Birds of the Week # 32
The Mourning Dove (Zenaida macroura) is a member of the dove family, Columbidae. Like other columbines, the mourning dove drinks by suction, without lifting or tilting its head. It often gathers at drinking spots around dawn and dusk. Mourning doves eat almost exclusively seeds, which make up more than 99% of their diet. Rarely, they will eat snails or insects. Mourning doves generally eat enough to fill their crops and then fly away to digest while resting. They often swallow grit such as fine gravel or sand to assist with digestion. The species usually forages on the ground, walking but not hopping. At bird feeders, mourning doves are attracted to one of the largest ranges of seed types of any North American bird, with a preference for rapeseed, corn, millet, safflower, and sunflower seeds. Mourning doves do not dig or scratch for seeds, though they will push aside ground litter; instead, they eat what is readily visible. They will sometimes perch on plants and eat from there. Mourning doves show a preference for the seeds of certain species of plant over others. Foods taken in preference to others include pine nuts, sweetgum seeds, and the seeds of pokeberry, amaranth, canary grass, corn, sesame, and wheat. When their favorite foods are absent, mourning doves will eat the seeds of other plants, including buckwheat, rye, goosegrass and smartweed.
The European Starling (Sturnus vulgaris), also known simply as the starling in Great Britain and Ireland, is a medium-sized passerine bird in the starling family, Sturnidae. Unpaired males find a suitable cavity and begin to build nests in order to attract single females, often decorating the nest with ornaments such as flowers and fresh green material, which the female later disassembles upon accepting him as a mate. The amount of green material is not important, as long as some is present, but the presence of herbs in the decorative material appears to be significant in attracting a mate. The scent of plants such as yarrow acts as an olfactory attractant to females. The males sing throughout much of the construction and even more so when a female approaches his nest. Following copulation, the male and female continue to build the nest. Nests may be in any type of hole, common locations include inside hollowed trees, buildings, tree stumps and man-made nest-boxes. S. v. zetlandicus typically breeds in crevices and holes in cliffs, a habitat only rarely used by the nominate form. Nests are typically made out of straw, dry grass and twigs with an inner lining made up of feathers, wool and soft leaves. Construction usually takes four or five days and may continue through incubation. Common starlings are both monogamous and polygamous; although broods are generally brought up by one male and one female, occasionally the pair may have an extra helper. Pairs may be part of a colony, in which case several other nests may occupy the same or nearby trees. Males may mate with a second female while the first is still on the nest. The reproductive success of the bird is poorer in the second nest than it is in the primary nest and is better when the male remains monogamous.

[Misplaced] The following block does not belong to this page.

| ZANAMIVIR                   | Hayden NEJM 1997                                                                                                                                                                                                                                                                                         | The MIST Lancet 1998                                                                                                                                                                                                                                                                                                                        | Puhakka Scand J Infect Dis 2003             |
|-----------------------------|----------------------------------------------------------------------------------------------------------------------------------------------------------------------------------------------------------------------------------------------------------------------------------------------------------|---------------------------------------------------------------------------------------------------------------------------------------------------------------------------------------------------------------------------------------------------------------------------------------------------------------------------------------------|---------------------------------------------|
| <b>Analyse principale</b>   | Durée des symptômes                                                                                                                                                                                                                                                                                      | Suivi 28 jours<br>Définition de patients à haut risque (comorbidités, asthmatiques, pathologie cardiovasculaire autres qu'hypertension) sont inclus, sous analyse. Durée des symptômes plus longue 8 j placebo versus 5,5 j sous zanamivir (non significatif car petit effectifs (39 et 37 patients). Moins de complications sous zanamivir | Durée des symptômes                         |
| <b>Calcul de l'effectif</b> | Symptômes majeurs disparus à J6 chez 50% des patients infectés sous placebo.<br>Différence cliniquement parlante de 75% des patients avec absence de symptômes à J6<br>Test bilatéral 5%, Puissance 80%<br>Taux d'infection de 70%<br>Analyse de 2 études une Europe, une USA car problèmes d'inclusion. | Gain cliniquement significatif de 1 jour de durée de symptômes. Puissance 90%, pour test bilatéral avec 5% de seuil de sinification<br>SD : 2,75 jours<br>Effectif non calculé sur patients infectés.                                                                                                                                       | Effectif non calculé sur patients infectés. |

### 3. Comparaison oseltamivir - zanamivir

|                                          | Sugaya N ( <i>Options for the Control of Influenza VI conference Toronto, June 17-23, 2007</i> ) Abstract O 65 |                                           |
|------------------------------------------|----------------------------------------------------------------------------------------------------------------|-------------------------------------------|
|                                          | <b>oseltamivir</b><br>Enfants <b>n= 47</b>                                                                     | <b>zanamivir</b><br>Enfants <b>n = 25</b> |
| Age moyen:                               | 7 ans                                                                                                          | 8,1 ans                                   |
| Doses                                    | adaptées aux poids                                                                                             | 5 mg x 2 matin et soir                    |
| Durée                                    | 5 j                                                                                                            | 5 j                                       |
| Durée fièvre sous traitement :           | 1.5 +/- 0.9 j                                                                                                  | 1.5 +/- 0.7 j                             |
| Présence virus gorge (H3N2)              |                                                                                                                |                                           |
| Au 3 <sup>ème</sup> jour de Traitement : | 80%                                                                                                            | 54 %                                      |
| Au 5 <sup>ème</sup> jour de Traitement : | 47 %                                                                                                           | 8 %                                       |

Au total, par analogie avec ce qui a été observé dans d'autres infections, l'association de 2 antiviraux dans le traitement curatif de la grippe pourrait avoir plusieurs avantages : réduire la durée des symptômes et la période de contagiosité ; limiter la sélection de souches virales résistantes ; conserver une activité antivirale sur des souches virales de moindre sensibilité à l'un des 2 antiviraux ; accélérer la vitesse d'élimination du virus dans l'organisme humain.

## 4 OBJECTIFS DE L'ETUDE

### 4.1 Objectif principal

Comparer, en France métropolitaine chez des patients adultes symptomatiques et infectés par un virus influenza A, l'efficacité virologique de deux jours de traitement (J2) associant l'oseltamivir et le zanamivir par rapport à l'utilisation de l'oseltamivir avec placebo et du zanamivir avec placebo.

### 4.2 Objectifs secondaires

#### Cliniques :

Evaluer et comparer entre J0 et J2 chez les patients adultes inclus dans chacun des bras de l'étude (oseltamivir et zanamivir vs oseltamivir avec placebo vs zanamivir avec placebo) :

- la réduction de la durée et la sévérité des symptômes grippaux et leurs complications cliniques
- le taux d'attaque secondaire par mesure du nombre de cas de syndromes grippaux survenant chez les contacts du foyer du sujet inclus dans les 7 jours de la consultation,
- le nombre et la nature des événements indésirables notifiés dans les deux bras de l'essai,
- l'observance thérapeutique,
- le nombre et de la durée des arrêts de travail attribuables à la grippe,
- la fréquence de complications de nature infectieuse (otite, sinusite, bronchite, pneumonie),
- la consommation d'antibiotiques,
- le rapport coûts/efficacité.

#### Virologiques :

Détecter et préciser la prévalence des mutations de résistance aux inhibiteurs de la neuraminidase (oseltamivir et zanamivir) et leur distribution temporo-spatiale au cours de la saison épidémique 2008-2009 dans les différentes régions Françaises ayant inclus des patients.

© HJ Ruiz – Avian101
Beautiful shots, HJ! 🙂
Thanks so much, Donna. 🙂
I heard a mourning dove cooing yesterday. He’d better not get too excited. A cold front, with extended temperatures in the 30s and 40s is on the way!
Yes, I heard that. They can fly hard and get away from it. Thank you, Linda. 🙂
Lovely portraits all around. H.J. Mourning Doves are rare here at this time of year and seeing your photos reminds me that I miss them. I love to listen to them.
They are all over my backyard, getting fat. Thank you, Tanja. 🙂
They say: “Thank you for feeding us, H.J.” 😊
You have really shown off the beauty of these lovely doves, HJ! I always feel that they are underappreciated.
They are pretty birds, strong and capable. You said it…they are underappreciated. 🙂